We all know fossil fuels are finite and running out, their toxic emissions strangling the environment. A bunch of engineering students in the city seems to have a solution to this alarming problem, at least to a certain extent. The six mechanical engineering students of Rajadhani Institute of Engineering and Technology have come up with a bio-diesel blend as part of their final year project. The blend, which they assure is fuel-efficient and eco-friendly, is derived from used coconut oil. “They have come up with a bio-blend when added with diesel increases fuel efficiency at a very low emission rate. It’s not an alternative fuel, but something you can mix with diesel in a 3:7 proportion,” says Subramani N, assistant professor and guide for the project. The team includes Jayalal, Midhun Mohan, Nidheesh Chandran, Bijin, Rajeev and Nikhil K Sudheesh.
The depleting and nonrenewable resources will one day make fuels enormously expensive and according to the students another highlight of the blend is its cost-effective nature. “Instead of 1 litre diesel you need only 700 ml when you use the blend. The basic ingredient of this blend is used coconut oil that can be collected from hotels and homes. Coconut oil used for deep frying cannot be reused because of health issues. Making one litre of bio-blend from this discarded oil will cost you only around ` 10. Adding this will give you 30 percent extra mileage keeping pollution and emission of harmful gases at the most minimal level,” says Midhun Mohan
The blend is retrieved from used coconut oil through a series of transesterification process. “A total of 13 blends were developed among which the team zeroed in on the most fuel-efficient ones,” says Subramani. The blends were later mixed with additives in the test ring constructed in the college. “By adding oxygenated additives emission of harmful black smoke can be reduced. It supplies more oxygen and ensures complete combustion. That means added efficiency and lesser emission,” he explains more.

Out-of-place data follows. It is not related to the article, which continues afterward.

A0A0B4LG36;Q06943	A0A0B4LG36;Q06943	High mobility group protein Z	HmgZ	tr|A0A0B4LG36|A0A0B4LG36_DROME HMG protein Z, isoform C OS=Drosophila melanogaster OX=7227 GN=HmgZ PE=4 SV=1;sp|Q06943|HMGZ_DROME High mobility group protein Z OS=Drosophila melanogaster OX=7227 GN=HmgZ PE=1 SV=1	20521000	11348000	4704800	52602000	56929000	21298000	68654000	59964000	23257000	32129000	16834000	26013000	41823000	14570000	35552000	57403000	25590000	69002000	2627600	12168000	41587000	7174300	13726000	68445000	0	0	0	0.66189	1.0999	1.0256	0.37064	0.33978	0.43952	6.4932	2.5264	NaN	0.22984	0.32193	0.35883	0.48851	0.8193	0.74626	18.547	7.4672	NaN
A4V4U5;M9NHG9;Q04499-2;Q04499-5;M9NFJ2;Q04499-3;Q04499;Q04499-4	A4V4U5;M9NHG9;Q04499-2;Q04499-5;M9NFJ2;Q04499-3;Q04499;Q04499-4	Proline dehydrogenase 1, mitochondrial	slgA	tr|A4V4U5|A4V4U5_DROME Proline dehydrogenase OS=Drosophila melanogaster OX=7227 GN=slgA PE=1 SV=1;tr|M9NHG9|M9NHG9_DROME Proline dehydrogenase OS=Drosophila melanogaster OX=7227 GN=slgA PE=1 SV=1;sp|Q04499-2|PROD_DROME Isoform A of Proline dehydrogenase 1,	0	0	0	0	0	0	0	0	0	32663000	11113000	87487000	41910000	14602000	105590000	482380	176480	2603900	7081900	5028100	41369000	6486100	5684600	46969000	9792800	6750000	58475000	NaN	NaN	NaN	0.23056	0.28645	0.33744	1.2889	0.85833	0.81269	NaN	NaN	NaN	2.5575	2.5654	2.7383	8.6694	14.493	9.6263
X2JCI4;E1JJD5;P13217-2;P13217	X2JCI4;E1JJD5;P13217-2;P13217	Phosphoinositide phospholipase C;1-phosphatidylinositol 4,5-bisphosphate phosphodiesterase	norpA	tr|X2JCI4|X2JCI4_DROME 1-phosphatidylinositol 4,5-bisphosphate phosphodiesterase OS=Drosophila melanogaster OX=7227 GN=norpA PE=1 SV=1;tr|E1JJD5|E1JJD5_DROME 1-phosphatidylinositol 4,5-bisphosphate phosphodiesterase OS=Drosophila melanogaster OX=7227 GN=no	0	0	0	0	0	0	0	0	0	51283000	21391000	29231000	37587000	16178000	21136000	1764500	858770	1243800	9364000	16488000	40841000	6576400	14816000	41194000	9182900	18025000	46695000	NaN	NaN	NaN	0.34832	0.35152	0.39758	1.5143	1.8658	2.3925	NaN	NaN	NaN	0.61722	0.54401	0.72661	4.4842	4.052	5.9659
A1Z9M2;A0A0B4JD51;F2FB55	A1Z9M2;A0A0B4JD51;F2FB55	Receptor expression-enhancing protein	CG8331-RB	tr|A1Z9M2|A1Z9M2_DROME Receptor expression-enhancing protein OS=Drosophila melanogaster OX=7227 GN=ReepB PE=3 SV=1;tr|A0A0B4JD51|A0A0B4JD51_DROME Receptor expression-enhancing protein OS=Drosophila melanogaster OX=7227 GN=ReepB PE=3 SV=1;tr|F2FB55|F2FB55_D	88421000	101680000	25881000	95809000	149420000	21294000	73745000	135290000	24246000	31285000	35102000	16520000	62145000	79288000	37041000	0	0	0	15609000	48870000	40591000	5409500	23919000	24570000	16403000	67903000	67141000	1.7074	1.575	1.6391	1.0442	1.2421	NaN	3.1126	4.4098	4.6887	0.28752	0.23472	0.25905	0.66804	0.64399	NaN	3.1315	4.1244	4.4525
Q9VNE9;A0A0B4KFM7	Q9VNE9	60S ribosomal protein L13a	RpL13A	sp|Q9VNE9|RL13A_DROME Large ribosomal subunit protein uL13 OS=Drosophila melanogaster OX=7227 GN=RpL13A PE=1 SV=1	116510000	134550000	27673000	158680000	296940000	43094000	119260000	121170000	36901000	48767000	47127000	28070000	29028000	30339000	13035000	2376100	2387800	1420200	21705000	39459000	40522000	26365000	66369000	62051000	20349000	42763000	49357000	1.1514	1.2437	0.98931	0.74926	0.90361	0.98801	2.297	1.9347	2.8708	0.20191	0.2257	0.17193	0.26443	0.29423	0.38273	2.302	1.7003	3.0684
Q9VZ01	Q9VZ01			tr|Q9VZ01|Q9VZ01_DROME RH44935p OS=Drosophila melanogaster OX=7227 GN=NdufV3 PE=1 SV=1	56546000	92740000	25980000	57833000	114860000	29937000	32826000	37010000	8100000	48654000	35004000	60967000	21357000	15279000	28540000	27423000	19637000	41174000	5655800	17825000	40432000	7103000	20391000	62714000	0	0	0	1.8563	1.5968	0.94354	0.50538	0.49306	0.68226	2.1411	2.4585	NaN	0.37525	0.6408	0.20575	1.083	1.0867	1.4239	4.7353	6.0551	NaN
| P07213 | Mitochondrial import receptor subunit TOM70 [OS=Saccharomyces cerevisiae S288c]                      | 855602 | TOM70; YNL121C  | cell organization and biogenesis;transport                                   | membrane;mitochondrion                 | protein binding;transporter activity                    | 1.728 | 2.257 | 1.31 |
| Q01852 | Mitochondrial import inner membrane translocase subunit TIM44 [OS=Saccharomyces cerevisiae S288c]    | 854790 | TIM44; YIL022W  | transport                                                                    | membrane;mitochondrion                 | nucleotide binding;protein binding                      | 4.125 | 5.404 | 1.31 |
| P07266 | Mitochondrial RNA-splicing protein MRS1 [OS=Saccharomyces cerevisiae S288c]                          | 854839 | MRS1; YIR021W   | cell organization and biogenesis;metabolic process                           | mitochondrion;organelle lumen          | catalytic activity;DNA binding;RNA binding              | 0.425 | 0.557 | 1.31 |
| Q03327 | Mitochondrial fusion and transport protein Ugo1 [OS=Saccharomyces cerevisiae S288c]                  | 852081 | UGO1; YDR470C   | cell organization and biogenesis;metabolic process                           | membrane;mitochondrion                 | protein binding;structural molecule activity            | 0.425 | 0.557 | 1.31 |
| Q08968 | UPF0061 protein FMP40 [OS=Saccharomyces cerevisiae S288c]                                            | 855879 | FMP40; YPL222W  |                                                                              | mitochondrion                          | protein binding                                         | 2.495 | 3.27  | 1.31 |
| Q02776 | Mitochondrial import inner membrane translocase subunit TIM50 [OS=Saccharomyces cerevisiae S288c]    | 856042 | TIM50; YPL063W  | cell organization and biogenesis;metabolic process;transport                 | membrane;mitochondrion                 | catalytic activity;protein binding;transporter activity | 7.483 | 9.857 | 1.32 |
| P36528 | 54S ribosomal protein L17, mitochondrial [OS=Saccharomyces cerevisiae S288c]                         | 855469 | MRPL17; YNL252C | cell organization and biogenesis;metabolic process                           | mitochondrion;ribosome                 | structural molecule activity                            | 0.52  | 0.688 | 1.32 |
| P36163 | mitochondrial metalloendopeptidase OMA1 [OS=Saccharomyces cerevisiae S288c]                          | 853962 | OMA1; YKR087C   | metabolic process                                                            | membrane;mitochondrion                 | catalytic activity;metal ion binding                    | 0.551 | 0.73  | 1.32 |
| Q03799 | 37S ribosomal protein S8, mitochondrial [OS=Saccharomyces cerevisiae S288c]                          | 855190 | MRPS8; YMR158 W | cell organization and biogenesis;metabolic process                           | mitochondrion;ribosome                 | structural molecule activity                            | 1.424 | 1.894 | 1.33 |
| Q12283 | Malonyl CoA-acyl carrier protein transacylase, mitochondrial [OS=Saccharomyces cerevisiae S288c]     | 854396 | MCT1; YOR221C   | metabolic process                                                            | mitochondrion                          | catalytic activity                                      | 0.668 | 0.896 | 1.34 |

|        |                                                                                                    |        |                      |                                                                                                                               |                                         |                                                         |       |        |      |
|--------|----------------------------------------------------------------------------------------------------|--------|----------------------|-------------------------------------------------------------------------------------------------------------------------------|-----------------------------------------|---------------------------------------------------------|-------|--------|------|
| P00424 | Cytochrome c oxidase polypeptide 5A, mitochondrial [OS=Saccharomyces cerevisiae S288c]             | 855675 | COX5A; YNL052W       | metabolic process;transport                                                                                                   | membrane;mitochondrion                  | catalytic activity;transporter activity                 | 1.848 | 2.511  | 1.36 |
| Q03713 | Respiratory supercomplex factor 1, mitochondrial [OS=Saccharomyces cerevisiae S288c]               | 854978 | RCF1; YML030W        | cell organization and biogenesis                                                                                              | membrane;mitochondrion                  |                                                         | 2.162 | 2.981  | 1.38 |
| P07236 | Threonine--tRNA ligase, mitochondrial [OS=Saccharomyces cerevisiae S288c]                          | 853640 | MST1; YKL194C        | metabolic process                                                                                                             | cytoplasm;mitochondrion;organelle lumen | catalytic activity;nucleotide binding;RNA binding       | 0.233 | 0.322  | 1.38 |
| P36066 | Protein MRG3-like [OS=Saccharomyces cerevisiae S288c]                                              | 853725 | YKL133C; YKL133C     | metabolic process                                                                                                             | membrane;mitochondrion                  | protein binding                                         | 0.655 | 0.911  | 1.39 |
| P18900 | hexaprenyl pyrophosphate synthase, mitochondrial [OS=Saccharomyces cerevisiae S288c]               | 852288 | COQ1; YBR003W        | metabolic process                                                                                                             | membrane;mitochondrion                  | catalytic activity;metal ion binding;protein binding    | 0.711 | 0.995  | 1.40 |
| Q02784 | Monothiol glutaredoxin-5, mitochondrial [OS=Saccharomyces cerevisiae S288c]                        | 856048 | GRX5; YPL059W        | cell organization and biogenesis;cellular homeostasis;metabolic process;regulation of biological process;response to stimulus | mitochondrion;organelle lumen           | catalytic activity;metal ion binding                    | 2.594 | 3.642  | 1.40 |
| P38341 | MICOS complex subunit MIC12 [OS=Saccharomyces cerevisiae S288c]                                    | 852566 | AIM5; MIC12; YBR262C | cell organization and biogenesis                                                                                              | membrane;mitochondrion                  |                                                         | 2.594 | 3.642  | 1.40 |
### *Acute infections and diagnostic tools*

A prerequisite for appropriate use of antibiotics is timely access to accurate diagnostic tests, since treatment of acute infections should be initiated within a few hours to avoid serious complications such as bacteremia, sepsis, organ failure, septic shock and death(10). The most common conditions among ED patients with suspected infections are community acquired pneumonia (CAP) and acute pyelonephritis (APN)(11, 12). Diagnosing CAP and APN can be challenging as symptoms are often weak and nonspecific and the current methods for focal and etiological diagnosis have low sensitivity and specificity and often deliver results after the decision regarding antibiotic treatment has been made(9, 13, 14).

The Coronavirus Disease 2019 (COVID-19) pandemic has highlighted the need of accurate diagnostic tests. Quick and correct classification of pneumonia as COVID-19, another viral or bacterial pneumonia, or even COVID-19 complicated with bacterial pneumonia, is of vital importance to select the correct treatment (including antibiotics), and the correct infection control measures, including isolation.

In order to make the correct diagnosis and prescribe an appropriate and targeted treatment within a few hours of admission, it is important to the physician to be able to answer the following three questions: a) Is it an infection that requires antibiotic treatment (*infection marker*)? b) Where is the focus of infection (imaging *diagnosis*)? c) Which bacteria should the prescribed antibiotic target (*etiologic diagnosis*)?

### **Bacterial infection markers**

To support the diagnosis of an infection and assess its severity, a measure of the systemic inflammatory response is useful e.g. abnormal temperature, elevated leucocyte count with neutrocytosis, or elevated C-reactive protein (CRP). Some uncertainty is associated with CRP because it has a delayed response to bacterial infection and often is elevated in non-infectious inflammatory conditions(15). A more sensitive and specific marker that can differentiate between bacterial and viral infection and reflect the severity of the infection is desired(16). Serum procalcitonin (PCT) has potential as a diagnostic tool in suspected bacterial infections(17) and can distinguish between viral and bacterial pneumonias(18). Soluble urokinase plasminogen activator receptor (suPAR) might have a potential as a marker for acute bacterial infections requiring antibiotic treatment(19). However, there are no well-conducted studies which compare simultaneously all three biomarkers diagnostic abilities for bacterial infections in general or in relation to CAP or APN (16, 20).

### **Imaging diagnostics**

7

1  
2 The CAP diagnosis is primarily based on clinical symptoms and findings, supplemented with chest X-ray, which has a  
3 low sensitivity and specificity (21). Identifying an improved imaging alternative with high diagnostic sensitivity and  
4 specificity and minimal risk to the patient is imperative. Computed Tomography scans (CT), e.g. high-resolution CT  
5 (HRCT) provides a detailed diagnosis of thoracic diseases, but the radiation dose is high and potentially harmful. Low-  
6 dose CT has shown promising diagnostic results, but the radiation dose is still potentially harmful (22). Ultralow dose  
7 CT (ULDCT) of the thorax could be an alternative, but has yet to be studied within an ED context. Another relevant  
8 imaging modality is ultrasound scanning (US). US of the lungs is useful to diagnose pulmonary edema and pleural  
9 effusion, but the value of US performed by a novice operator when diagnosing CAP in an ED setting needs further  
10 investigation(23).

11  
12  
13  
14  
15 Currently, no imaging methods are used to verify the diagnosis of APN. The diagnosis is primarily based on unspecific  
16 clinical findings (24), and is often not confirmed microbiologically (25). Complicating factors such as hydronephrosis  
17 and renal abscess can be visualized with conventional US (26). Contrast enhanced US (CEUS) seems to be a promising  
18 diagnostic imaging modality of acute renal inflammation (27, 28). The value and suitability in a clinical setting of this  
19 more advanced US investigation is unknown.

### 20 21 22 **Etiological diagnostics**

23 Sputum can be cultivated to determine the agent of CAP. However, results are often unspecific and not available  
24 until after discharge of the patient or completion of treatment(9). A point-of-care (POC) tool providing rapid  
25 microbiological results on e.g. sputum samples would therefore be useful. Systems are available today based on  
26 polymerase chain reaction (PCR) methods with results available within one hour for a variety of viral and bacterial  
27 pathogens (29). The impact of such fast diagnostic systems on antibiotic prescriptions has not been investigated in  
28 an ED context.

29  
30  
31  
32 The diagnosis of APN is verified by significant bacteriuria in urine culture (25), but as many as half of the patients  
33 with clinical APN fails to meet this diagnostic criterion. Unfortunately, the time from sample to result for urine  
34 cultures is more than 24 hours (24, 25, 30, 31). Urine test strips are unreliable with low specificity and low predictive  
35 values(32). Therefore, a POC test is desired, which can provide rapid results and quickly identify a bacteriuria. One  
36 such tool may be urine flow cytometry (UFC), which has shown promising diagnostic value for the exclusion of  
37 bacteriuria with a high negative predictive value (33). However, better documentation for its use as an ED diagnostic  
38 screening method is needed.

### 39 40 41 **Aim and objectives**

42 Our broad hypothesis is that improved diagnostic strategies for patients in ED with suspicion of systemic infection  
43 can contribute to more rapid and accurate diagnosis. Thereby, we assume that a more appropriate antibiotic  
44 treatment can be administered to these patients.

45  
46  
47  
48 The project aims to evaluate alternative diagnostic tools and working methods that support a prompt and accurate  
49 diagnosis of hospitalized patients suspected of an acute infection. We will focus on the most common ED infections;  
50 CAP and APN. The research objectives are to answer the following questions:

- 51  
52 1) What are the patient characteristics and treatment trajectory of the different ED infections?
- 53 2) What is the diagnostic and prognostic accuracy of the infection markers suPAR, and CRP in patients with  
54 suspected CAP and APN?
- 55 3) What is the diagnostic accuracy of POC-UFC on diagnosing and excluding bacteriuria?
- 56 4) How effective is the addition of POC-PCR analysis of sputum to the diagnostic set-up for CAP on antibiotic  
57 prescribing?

He says though lot of experimentation is going on in this field using coconut oil and transesterification method are not very common. “But none of them have used oxygenated additives. We have tried the blends with and without additives to find most advantageous ones. Additives are not very expensive so the total cost is also very low. Diesel is the most used fuel in heavy vehicles including railway locomotives. So this blend offers a cost-effective and fuel-efficient option to a large segment of users.” Midhun adds that emission is the biggest problem while developing bio-diesel blends. “Here we have used additives to tackle that issue effectively,” he says.
Another interesting aspect of the bio-blend is that it causes only minimal damage to the environment. “Based on this project we are preparing six international papers to be published in various journals,” he adds.
The team members invested a total of eight months to develop the blend. We have set up a rig and we plan to do further experimentation in the future. This project definitely has commercial possibilities,” adds Midhun.